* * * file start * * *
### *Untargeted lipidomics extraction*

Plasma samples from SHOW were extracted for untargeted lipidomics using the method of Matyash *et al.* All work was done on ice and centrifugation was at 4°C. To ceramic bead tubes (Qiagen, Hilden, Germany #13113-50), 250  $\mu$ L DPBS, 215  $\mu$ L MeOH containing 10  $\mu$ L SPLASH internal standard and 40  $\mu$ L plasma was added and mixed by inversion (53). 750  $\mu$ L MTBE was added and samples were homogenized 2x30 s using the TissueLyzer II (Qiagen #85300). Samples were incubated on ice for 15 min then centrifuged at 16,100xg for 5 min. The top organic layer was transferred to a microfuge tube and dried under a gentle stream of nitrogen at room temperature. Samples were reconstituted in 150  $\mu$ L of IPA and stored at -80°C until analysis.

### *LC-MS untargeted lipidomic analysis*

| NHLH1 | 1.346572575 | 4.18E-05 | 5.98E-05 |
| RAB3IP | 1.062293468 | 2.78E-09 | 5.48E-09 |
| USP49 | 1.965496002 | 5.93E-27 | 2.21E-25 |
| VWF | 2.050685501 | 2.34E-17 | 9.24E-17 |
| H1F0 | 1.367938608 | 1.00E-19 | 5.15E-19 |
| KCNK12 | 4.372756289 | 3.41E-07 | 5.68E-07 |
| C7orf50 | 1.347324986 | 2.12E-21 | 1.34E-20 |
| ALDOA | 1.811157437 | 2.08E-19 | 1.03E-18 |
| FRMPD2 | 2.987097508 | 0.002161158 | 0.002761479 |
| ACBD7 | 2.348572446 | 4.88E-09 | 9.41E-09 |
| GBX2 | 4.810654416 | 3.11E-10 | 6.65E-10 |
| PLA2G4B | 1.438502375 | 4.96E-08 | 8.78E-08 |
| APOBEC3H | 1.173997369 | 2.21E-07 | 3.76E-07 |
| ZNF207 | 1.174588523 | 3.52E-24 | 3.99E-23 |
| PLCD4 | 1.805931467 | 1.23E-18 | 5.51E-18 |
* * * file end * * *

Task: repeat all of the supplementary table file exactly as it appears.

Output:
### *Untargeted lipidomics extraction*

Plasma samples from SHOW were extracted for untargeted lipidomics using the method of Matyash *et al.* All work was done on ice and centrifugation was at 4°C. To ceramic bead tubes (Qiagen, Hilden, Germany #13113-50), 250  $\mu$ L DPBS, 215  $\mu$ L MeOH containing 10  $\mu$ L SPLASH internal standard and 40  $\mu$ L plasma was added and mixed by inversion (53). 750  $\mu$ L MTBE was added and samples were homogenized 2x30 s using the TissueLyzer II (Qiagen #85300). Samples were incubated on ice for 15 min then centrifuged at 16,100xg for 5 min. The top organic layer was transferred to a microfuge tube and dried under a gentle stream of nitrogen at room temperature. Samples were reconstituted in 150  $\mu$ L of IPA and stored at -80°C until analysis.

### *LC-MS untargeted lipidomic analysis*

| NHLH1 | 1.346572575 | 4.18E-05 | 5.98E-05 |
| RAB3IP | 1.062293468 | 2.78E-09 | 5.48E-09 |
| USP49 | 1.965496002 | 5.93E-27 | 2.21E-25 |
| VWF | 2.050685501 | 2.34E-17 | 9.24E-17 |
| H1F0 | 1.367938608 | 1.00E-19 | 5.15E-19 |
| KCNK12 | 4.372756289 | 3.41E-07 | 5.68E-07 |
| C7orf50 | 1.347324986 | 2.12E-21 | 1.34E-20 |
| ALDOA | 1.811157437 | 2.08E-19 | 1.03E-18 |
| FRMPD2 | 2.987097508 | 0.002161158 | 0.002761479 |
| ACBD7 | 2.348572446 | 4.88E-09 | 9.41E-09 |
| GBX2 | 4.810654416 | 3.11E-10 | 6.65E-10 |
| PLA2G4B | 1.438502375 | 4.96E-08 | 8.78E-08 |
| APOBEC3H | 1.173997369 | 2.21E-07 | 3.76E-07 |
| ZNF207 | 1.174588523 | 3.52E-24 | 3.99E-23 |
| PLCD4 | 1.805931467 | 1.23E-18 | 5.51E-18 |